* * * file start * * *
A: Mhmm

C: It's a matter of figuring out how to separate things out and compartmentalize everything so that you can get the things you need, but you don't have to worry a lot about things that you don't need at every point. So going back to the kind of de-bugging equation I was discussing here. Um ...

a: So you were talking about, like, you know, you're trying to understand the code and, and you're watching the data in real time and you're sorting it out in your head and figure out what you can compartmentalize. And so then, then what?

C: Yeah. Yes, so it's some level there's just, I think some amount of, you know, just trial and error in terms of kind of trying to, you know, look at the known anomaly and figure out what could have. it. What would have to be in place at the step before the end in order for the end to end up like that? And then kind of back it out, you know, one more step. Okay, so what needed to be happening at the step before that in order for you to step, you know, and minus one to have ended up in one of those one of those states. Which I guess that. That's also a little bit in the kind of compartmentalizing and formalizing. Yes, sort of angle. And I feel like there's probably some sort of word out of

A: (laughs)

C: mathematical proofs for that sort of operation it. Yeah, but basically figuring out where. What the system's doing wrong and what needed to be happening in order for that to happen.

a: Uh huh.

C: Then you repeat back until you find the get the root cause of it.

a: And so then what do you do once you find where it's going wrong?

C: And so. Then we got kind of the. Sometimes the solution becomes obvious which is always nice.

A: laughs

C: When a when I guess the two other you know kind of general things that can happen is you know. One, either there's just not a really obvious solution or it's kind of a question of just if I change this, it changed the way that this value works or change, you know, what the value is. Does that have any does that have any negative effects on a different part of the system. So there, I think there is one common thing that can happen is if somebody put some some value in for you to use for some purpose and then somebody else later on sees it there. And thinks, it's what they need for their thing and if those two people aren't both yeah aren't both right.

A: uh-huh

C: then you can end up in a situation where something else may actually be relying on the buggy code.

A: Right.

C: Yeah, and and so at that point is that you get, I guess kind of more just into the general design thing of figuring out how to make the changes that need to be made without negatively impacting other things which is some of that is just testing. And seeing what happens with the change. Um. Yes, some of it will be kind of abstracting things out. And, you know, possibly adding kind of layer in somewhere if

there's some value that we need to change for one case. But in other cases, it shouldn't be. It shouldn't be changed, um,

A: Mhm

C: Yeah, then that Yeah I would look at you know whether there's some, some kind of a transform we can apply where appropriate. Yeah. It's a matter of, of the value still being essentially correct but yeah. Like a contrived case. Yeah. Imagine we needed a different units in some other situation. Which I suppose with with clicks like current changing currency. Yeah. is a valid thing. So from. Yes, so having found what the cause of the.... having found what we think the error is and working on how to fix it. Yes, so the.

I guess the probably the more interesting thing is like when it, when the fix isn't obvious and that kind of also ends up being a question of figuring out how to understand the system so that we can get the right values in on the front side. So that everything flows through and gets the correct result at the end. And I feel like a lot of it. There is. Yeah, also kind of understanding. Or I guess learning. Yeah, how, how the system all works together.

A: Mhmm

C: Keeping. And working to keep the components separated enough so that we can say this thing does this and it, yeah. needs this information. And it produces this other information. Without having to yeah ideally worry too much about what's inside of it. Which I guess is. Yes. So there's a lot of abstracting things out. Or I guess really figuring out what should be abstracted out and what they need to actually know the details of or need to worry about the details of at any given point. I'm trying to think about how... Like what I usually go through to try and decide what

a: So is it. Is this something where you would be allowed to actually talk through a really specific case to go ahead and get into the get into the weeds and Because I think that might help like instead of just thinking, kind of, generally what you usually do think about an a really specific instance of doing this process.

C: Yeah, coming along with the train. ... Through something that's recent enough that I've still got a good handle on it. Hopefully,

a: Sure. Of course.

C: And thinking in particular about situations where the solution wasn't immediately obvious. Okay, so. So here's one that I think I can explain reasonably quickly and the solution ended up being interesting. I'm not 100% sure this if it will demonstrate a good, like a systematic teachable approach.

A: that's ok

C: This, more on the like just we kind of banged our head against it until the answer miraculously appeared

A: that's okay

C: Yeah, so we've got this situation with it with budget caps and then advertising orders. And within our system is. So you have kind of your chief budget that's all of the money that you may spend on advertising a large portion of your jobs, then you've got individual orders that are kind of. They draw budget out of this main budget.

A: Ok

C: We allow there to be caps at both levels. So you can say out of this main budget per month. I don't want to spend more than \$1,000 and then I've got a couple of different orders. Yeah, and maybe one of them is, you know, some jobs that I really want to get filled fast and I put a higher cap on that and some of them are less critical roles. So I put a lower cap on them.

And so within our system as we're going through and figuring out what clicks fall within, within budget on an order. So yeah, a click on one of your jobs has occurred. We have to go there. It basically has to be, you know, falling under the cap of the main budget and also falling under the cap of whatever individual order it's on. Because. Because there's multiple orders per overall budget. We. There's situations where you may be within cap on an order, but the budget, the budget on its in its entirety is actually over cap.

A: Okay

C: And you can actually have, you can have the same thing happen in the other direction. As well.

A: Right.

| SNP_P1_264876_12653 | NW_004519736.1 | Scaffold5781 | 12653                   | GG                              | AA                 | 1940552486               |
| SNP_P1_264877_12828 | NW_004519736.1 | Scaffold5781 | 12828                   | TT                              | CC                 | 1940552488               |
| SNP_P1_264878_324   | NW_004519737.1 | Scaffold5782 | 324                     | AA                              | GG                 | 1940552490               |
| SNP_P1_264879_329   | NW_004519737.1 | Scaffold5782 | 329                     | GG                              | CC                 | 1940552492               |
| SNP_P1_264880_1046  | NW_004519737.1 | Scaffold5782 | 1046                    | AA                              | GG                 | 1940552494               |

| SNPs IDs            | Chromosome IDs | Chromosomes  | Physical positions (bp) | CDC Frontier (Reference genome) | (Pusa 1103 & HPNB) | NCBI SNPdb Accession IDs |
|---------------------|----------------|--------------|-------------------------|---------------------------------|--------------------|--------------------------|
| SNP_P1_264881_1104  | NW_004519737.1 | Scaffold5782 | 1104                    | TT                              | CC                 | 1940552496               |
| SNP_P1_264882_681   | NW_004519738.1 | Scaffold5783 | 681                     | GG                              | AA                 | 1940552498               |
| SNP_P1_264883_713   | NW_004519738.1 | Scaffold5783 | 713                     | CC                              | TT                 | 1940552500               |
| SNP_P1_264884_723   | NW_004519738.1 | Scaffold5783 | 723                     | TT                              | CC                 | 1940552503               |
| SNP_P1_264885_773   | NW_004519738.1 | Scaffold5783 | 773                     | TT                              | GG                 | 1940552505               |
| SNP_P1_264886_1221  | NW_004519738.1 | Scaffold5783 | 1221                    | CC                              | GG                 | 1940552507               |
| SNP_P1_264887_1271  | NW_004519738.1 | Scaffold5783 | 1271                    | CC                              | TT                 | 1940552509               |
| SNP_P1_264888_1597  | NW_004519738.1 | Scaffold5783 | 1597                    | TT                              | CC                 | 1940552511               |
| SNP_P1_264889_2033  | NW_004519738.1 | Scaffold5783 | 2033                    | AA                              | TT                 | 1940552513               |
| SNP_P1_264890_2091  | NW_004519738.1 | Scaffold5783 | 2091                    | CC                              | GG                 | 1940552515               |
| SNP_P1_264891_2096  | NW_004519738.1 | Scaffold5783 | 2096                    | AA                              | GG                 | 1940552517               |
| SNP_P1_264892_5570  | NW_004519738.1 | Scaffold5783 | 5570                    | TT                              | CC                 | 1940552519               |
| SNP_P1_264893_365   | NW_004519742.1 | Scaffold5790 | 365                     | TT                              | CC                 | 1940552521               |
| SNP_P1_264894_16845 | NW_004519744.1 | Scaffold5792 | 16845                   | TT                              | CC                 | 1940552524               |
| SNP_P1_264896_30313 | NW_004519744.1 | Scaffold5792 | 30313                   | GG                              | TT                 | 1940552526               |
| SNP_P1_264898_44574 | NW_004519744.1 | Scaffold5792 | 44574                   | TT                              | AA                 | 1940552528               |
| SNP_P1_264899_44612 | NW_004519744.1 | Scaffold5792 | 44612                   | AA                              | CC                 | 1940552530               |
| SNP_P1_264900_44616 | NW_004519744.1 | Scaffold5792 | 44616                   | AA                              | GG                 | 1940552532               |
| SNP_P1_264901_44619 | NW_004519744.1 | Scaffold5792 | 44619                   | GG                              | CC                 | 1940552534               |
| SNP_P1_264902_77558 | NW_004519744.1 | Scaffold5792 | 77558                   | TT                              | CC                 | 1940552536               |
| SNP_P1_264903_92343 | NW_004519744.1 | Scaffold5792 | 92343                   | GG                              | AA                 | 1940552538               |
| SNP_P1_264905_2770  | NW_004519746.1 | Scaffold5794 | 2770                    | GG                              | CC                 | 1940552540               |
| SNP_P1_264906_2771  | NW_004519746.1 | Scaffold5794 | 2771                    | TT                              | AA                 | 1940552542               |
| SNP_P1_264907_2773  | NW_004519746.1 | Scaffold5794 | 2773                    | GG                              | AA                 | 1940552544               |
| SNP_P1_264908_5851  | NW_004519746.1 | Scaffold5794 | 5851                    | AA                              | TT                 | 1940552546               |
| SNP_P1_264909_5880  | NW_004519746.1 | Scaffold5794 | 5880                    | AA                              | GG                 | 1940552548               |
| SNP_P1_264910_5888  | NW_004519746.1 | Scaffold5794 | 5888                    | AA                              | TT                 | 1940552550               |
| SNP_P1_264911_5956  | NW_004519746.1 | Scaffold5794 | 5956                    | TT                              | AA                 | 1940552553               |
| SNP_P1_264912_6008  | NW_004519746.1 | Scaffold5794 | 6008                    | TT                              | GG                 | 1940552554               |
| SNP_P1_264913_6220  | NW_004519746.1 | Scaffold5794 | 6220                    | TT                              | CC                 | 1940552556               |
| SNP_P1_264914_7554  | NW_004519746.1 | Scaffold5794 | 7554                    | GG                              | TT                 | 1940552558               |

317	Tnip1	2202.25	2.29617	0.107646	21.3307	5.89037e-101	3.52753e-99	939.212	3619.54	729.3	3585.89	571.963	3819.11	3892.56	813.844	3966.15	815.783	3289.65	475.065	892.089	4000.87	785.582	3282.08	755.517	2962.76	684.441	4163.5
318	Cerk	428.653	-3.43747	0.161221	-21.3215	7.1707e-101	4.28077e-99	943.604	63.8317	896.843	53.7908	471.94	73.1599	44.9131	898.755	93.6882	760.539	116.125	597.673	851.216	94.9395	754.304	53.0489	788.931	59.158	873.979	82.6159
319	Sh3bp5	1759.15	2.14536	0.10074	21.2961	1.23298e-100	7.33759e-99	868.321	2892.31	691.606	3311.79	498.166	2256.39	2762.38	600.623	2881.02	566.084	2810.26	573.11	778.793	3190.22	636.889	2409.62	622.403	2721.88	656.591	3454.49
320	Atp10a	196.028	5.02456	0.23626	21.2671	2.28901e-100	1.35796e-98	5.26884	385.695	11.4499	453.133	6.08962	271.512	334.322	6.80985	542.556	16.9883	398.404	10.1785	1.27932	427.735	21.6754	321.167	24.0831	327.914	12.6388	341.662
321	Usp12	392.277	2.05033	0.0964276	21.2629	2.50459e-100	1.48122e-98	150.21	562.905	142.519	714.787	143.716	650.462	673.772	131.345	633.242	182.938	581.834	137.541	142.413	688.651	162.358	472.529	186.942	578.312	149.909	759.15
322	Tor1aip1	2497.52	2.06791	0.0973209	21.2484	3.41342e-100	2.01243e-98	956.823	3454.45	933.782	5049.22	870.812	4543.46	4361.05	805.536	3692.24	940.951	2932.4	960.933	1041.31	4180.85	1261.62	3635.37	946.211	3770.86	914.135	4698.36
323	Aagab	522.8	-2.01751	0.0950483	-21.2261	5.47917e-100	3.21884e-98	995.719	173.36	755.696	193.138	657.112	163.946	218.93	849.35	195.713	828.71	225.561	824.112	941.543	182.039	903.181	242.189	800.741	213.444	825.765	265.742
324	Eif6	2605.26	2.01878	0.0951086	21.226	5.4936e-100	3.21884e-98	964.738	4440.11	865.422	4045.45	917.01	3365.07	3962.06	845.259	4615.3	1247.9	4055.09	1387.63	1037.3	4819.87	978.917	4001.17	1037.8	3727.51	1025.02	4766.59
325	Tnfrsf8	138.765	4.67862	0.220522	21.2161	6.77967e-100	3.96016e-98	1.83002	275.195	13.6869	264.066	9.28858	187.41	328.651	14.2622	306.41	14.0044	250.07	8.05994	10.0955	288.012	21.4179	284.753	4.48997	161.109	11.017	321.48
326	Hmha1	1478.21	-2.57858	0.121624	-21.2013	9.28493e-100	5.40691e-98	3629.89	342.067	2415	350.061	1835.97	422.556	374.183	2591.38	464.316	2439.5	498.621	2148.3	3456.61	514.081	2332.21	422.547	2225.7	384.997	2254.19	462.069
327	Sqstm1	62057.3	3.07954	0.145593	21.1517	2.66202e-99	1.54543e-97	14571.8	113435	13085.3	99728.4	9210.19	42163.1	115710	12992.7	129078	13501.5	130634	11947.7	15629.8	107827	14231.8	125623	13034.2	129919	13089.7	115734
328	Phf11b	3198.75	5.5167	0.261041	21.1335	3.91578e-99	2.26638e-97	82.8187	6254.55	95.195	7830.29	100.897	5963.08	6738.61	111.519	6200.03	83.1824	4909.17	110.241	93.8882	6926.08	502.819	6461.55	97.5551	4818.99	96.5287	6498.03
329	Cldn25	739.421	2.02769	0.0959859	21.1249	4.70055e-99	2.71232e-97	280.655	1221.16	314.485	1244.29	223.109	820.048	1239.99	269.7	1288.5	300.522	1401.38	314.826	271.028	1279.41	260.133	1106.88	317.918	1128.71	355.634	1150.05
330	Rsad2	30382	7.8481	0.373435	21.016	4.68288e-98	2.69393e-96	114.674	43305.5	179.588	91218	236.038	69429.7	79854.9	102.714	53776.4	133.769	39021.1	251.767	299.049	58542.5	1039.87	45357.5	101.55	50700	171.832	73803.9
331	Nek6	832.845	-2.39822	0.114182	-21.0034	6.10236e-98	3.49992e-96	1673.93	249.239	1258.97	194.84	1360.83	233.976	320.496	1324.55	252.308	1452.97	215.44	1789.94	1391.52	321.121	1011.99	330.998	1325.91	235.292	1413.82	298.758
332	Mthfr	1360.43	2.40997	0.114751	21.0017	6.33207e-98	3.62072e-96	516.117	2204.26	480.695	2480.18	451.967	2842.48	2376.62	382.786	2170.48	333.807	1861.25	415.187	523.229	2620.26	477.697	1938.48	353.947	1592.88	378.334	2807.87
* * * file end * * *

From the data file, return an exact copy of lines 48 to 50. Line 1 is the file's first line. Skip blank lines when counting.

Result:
| SNP_P1_264885_773   | NW_004519738.1 | Scaffold5783 | 773                     | TT                              | GG                 | 1940552505               |
| SNP_P1_264886_1221  | NW_004519738.1 | Scaffold5783 | 1221                    | CC                              | GG                 | 1940552507               |
| SNP_P1_264887_1271  | NW_004519738.1 | Scaffold5783 | 1271                    | CC                              | TT                 | 1940552509               |